Try this: Make sure your child is getting focused, quality time with a caring adult - preferably a parent - every single day. Even if it's just 2 minutes, 5 minutes, whatever you can manage. No phones, no mult-tasking, just pure focus on them doing something they want to do with you. Set the time frame expectation clearly and allow them to decide what you are going to do together.

There are lots of ways to foster and repair connection with your kids if it's slid off the radar. This is just one. But go All In on this and you'll see remarkable shifts in your child. 

 

5. Movement and Play

 

Movement is not only important for physical health but also important for mental wellness as well. So is laughter.

In younger kids, this may look more like free play as they learn to use their bodies. In older kids, it might take the form of working out or joining team sports.

 

Try this: See what your child is into. Start by getting them outside into fresh air for walks - at least a little. If they're too tired or apathetic or lethargic to engage in this loop back to the others - especially #s1, 2, and 3. Use this 5th Nourishment Need as a benchmark to gage your progress.

 

Easier said than done. I know! Like I said, there's probably nothing surprising in this list but life is life and kids can be tricky.  What I've given you here is a framework for thinking about this so you don't stay stuck.  

When we work with families we help them stay oriented to these needs, focused on forward momentum, and we help them have positive conversations with their kids about nourishment so the weight lifts from their shoulders.

There's a learning curve, but now you have the framework. Boom! You're one step closer to helping your kids. 

 

After focusing on the 5 Nourishment Needs for a while one of three things usually happens.

 

1.  Symptoms start to dissolve and your child feel better. You now have a framework for talking to your kids about how they can support their health moving forward and strategies to help them get back on track when they slip.

2.   You get confused and overwhelmed because focusing on all these things is too much for you to handle or your child isn't on board or compliant with the structures you set in place. You're tempted to give up but you know these are important so you feel frustrated.

3. You are doing your best but there are elements that you just can't get a handle on and your child is still struggling. Like, they just never seem well rested no matter how much sleep they get, or they're just too tired to move their body, or they just shut you out when you try to connect.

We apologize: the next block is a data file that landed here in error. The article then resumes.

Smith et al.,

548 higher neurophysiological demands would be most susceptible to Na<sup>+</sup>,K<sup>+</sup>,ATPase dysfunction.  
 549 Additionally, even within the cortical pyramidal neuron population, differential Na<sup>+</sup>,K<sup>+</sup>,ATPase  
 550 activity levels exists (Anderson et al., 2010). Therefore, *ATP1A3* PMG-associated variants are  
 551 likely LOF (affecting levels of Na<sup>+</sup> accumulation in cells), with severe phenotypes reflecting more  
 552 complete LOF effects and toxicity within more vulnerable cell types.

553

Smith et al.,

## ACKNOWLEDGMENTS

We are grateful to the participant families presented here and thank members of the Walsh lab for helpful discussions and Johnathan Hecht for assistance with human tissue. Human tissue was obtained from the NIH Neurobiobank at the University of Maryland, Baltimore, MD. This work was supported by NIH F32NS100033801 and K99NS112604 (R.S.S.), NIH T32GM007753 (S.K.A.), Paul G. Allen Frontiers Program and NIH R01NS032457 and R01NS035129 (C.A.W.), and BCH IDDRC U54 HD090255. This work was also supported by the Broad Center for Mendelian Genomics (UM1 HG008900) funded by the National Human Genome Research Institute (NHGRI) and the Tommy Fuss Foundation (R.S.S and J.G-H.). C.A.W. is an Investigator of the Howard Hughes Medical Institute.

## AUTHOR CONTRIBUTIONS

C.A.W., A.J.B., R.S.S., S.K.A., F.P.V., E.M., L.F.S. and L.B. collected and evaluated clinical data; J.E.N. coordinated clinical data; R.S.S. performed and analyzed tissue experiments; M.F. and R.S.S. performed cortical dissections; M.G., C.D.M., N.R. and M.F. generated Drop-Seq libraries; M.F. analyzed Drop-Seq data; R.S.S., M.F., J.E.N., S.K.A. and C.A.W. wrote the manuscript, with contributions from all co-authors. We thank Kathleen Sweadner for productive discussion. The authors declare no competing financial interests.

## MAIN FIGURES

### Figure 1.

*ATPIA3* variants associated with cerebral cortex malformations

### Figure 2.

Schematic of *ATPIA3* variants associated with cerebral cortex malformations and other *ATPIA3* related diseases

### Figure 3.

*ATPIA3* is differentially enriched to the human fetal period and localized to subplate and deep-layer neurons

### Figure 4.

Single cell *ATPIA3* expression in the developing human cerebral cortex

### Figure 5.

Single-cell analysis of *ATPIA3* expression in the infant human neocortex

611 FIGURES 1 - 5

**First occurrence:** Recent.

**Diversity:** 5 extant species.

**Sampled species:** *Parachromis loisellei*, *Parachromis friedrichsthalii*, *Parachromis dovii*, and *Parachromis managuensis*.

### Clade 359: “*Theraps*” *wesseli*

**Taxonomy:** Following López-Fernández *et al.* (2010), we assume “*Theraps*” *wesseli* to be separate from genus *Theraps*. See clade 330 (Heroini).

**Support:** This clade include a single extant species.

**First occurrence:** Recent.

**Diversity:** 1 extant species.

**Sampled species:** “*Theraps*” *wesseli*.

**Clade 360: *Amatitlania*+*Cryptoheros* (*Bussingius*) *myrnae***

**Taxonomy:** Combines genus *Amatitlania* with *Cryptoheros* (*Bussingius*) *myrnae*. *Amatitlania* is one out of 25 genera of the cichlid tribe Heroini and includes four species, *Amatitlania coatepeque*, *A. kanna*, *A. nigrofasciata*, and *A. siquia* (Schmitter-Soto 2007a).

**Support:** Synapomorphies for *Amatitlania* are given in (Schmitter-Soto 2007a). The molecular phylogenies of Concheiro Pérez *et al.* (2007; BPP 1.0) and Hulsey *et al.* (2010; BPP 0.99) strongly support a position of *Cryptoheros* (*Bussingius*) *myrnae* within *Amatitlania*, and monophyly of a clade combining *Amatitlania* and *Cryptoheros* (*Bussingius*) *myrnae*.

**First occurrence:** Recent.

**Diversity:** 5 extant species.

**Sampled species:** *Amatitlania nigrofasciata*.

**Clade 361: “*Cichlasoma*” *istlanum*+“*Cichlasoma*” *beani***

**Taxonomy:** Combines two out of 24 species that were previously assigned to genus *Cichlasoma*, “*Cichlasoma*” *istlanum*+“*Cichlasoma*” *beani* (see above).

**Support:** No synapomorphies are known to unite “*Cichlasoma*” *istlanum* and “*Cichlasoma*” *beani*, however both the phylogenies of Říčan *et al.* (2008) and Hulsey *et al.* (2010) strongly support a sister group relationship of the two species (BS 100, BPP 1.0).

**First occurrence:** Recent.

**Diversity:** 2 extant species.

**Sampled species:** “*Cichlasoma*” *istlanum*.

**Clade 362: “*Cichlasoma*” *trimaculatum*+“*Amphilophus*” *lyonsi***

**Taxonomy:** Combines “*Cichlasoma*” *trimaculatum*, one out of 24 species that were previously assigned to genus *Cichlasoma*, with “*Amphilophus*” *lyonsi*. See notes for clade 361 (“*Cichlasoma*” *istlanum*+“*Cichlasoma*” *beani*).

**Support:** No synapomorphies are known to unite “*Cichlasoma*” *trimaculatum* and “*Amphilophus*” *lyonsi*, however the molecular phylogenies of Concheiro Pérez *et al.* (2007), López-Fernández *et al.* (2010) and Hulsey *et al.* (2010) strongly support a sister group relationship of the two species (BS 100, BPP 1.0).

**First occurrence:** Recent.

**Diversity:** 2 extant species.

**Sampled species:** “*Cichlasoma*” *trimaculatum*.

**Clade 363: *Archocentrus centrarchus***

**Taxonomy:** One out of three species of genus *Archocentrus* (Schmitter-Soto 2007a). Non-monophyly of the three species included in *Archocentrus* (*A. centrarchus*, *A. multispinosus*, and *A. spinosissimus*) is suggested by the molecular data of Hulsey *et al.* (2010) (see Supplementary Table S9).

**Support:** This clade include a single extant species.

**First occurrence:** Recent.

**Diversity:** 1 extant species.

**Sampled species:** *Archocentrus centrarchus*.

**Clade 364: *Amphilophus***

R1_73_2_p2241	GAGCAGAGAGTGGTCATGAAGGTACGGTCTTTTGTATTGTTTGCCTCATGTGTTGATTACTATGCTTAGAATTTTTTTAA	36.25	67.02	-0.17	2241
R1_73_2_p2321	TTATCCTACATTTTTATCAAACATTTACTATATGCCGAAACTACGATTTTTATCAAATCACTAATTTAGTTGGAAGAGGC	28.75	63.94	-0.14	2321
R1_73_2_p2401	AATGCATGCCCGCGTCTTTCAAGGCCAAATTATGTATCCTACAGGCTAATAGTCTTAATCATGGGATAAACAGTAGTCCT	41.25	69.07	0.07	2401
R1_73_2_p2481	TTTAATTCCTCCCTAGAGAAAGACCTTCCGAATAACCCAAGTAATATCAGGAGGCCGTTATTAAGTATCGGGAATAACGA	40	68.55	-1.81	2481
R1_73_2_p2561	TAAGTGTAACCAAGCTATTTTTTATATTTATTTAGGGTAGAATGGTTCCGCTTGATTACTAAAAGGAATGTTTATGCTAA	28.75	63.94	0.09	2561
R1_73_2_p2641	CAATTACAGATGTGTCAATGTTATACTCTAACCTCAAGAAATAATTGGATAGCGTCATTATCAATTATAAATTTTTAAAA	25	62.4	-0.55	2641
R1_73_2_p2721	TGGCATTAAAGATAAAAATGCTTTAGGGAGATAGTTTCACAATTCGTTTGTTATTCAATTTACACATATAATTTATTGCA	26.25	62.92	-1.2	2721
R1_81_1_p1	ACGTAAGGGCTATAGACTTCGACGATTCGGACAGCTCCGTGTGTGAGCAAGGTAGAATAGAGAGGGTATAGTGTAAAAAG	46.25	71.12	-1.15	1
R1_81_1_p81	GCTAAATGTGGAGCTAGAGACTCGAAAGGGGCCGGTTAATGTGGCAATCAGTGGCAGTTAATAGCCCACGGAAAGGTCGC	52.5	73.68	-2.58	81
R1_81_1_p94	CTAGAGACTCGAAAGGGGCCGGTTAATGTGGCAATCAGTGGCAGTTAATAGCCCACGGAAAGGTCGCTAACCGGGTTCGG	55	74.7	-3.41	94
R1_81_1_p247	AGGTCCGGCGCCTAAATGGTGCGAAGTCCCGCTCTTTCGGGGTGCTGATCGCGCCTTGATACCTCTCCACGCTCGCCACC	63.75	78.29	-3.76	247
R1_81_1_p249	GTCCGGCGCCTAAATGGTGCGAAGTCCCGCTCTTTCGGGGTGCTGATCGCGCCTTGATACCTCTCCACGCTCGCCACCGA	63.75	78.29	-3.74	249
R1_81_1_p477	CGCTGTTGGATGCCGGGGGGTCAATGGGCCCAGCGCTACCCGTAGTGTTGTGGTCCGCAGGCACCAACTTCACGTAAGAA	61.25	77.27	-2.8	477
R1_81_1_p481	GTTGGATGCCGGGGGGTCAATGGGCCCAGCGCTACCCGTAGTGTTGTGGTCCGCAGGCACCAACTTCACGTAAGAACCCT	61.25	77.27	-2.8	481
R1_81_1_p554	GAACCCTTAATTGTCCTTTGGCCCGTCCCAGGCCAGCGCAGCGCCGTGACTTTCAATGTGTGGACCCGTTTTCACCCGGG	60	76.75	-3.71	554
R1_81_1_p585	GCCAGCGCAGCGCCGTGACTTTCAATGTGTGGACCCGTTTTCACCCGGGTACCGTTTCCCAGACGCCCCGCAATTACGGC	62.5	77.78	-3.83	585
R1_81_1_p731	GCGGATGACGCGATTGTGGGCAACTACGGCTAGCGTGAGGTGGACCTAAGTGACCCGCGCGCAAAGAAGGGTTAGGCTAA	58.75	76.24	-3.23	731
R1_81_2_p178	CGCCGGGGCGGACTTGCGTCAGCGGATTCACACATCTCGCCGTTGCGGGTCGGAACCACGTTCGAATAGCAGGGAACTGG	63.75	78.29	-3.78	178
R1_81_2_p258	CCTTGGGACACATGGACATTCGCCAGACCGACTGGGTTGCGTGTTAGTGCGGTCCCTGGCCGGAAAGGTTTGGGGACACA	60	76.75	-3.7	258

Here's what to do next...

 

Situation #1 isn't a problem. You're doing great and are setting your child up for a bright future! If you need support keeping all those balls in the air consider joining our membership so you can surround yourself with other amazing parents focusing on creating a Culture Of Nourishment in their homes. 

The only solution for situation #2 is to get some help. Don't give up just because it's hard. We see the most remarkable turn-arounds in kids when they are well nourished. Head over here to see how we can support you.

As for situation #3, it's time to turn to the 5 Main Stressors. We see this a lot. My experience has taught me that when basic nourishment needs are being met but a child is still struggling there's usually one (or several) of the following 5 factors throwing a wrench in your plans.

 

Part Two: The 5 Main Stressors:

 

1. Nutrient Imbalance. They lack certain crucial nutrients.

Maybe this is due to poor intake, or maybe it's due to increased genetic need or poor absorption.

There is a list and explanation of the most crucial and often lacking nutrients in my book. Or work with us to run some testing to see what's going on.

 


2. Food Reactions. They are having reactions to foods.

I don't mean allergy... I'm referring to sensitivity. And it's usually temporary. But it could be that food is causing inflammation and robbing them of crucial nutrients.

A Wheat Zoomer or food sensitivity test or an elimination-type diet can help shed some light.